TSMC N3 will have about 30-35 EUV exposures per wafer. A TSMC fab with 10 $150M EUV machines running N3 wafers would only be capable of ~15,000 wafers per month at current power output and uptime rates. Lithography is but one step in the magical process of manufacturing chips, and other steps also explode in complexity. As such the cycle time for N3 has increased from about 3 months on N5 to much higher.
On the path to high volume manufacturing, there is a stage known as risk production. It generally starts a year before high volume manufacturing.
N-3 risk production is scheduled in 2021Dr. C. C. Wei – TSMC CEO
We generally aren’t sticklers for grammar and tensing as everyone is human and makes mistakes, but SemiAnalysis is like a fly gravitating to sugar here. On October 14th 2021, TSMC said risk production IS SCHEDULED in 2021. This implies they have not begun risk production yet. Splitting hairs here, but the 3-4 month delay stated 3 months ago may be closer to 5 or 6 now.
N3 costs definitely it is higher than N5. That is because of technical complexity and we have to use many new pieces of equipment which is — cost higher.Dr. C. C. Wei – TSMC CEO
TSMC minced no words when talking about per wafer costs. SemiAnalysis often shocked people years ago when we discussed N7 wafers being roughly $10,000 each. N5 is even more eye popping at around $16,500, meaning the cost per transistor is up significantly. We are now hearing that N3 is above $20,000. While Mediatek and Qualcomm may jump to the N3 for smartphones before Apple, this high cost and other rumored issues may put them off. It is important to note that customers and their various agreements will differ in their per wafer cost.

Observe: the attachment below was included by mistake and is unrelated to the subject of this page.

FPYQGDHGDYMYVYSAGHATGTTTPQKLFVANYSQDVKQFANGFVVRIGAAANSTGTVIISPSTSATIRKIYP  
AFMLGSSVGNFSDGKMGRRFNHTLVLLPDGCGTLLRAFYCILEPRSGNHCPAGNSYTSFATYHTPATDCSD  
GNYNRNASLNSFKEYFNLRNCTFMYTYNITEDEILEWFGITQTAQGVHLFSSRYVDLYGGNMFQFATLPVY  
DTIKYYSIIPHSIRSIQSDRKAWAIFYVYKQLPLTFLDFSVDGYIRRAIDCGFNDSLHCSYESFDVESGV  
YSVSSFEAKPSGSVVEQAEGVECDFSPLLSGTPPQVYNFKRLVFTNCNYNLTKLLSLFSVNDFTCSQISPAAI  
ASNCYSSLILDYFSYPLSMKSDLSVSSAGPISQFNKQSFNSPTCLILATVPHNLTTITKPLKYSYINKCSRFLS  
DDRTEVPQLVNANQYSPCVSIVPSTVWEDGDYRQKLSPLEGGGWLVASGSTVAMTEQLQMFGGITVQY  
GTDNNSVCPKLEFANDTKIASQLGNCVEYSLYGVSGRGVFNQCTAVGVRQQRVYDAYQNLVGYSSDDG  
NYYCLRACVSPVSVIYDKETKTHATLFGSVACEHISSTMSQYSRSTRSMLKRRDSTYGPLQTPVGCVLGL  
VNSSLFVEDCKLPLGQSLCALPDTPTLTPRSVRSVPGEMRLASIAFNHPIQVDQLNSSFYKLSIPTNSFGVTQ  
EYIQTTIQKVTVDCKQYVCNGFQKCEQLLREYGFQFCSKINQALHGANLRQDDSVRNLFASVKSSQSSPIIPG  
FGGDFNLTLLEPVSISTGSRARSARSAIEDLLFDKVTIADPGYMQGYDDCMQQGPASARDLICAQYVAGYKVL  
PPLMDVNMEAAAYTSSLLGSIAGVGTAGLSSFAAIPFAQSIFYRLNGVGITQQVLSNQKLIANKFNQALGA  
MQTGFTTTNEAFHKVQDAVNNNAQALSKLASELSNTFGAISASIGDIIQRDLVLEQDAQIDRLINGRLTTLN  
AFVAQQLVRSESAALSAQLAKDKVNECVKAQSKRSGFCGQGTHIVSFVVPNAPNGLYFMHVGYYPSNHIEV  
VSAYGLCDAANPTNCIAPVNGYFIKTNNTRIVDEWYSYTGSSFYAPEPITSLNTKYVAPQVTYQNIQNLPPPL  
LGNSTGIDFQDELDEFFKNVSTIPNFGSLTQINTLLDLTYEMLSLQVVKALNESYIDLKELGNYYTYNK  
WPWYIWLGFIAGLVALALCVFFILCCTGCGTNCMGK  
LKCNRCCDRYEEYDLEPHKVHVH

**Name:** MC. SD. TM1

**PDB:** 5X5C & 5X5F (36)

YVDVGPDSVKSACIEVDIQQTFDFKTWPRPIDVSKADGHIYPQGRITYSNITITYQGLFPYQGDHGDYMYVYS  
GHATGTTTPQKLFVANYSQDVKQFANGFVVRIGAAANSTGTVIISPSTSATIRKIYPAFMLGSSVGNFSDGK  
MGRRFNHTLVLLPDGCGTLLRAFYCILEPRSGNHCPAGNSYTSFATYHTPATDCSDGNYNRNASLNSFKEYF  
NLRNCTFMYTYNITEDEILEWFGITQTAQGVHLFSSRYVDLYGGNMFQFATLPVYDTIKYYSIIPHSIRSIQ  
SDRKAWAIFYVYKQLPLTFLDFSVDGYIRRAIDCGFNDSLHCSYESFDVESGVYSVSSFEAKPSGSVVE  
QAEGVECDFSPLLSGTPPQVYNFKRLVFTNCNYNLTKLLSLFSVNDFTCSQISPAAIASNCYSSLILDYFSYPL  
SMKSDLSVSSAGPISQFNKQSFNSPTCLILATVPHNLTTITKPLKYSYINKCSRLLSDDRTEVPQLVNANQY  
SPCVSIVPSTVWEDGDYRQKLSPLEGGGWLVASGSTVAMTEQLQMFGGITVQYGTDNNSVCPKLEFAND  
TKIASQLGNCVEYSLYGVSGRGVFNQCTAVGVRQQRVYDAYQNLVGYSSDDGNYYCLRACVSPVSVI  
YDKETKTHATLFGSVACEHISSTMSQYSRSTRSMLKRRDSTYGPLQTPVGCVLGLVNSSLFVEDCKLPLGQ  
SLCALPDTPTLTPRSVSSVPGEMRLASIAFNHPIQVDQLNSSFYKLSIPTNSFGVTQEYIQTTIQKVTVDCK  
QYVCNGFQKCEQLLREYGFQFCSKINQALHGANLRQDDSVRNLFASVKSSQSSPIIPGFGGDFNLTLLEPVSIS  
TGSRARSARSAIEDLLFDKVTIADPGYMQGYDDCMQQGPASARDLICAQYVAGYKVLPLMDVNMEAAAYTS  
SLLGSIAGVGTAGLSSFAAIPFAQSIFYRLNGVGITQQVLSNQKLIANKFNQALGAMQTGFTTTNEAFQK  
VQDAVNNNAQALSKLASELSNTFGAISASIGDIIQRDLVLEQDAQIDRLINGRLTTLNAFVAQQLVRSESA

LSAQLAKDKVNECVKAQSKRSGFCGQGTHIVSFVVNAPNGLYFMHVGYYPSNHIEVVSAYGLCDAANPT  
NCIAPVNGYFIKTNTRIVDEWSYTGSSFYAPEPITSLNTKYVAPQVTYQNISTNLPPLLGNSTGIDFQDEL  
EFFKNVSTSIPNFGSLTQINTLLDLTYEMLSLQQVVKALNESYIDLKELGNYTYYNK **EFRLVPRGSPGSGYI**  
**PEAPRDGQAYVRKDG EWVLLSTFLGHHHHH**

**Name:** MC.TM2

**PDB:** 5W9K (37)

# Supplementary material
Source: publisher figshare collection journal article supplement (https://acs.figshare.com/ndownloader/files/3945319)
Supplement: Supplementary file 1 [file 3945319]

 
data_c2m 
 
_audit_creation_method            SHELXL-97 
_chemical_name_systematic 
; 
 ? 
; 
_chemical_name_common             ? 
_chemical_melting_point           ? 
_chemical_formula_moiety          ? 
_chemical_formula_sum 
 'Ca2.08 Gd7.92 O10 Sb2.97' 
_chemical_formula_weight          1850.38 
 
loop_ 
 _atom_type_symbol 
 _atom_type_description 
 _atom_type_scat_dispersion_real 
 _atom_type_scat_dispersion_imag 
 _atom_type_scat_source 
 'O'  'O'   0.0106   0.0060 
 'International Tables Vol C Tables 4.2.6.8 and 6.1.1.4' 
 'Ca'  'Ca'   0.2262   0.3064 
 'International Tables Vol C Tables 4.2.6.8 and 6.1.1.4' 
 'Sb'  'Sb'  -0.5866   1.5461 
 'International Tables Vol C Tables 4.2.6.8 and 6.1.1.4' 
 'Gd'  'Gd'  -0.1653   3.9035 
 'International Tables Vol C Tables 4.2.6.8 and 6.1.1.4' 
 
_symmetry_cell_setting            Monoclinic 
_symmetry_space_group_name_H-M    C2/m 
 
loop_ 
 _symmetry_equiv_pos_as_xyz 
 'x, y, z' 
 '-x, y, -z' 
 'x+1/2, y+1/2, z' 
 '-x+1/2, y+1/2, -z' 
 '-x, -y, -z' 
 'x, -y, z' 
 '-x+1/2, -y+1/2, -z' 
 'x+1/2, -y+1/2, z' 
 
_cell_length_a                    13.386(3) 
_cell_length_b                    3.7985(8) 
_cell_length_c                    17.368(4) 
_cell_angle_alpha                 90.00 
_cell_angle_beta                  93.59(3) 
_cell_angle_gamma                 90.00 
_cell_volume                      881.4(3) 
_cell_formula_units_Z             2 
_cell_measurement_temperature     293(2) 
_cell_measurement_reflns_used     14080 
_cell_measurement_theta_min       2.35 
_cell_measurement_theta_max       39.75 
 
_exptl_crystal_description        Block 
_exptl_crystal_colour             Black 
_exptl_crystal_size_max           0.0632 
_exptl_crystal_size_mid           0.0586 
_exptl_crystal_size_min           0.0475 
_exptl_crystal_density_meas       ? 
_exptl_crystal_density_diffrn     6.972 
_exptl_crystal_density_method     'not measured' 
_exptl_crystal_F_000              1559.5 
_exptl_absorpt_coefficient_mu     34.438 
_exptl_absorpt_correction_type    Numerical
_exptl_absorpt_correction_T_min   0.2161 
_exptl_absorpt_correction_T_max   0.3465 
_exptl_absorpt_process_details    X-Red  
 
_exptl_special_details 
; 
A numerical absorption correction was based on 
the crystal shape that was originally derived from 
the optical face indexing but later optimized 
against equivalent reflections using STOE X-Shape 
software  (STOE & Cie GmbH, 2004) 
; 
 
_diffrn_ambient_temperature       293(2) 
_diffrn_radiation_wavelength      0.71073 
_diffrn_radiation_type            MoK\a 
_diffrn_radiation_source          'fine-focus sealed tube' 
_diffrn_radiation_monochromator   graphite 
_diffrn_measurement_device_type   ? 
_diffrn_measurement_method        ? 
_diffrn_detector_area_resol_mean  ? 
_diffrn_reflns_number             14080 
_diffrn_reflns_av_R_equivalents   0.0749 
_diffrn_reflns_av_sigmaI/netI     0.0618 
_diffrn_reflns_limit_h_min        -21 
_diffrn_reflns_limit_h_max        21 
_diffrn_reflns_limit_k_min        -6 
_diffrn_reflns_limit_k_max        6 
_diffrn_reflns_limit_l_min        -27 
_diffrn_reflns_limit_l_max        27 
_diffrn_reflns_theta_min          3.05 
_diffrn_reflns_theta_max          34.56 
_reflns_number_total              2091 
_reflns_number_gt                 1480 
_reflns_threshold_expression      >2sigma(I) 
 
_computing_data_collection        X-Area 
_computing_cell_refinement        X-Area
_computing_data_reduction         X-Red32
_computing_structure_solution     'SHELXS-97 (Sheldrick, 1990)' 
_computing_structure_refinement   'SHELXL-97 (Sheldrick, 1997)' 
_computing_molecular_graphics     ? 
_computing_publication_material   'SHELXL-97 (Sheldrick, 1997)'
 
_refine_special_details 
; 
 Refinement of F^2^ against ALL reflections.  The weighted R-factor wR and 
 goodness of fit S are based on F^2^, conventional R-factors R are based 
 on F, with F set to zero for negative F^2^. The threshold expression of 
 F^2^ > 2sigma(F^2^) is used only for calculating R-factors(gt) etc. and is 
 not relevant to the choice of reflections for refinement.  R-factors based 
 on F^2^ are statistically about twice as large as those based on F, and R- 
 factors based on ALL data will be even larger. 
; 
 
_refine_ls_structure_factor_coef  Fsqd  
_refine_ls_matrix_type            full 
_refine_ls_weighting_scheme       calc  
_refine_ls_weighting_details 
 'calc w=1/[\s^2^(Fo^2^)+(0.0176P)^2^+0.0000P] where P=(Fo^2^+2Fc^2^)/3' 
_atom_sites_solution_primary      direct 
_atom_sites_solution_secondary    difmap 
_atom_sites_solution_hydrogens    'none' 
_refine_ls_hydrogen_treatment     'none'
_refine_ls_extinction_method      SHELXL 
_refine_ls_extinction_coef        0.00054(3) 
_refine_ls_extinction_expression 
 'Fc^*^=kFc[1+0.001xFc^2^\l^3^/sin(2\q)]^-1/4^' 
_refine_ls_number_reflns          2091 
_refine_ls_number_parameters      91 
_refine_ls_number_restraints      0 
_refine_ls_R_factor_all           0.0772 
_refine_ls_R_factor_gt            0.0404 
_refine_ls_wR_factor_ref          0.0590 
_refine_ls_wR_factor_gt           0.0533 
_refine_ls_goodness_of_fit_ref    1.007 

Alongside these major nodes, TSMC always has nodelets. Process nodes such as N7+, N7P, N6, N5P, and N4 are all recent examples of nodelets. They don’t bring anything earth shattering over the major nodes of N7 and N5, but they do move the needle. Most N7 chips shipping are actually N7P. TSMC states that half of N7 volume will be N6 at the end of the year. The same applies to N5. N5 vanilla is a very rarely used node outside of Apple. The vast majority of new designs including the new A15, AMD, Marvell, and Nvidia are going to be N5. Mediatek will be skipping these nodes altogether and going straight to N4.
A bit of rambling on the background, but the point here is that TSMC usually goes normal node (N7 / N5) to a P node (N7P / N5P) a year later, then finally a nodelet that brings some improvements to density (N6 / N4). N3 seems to buck this trend somewhat.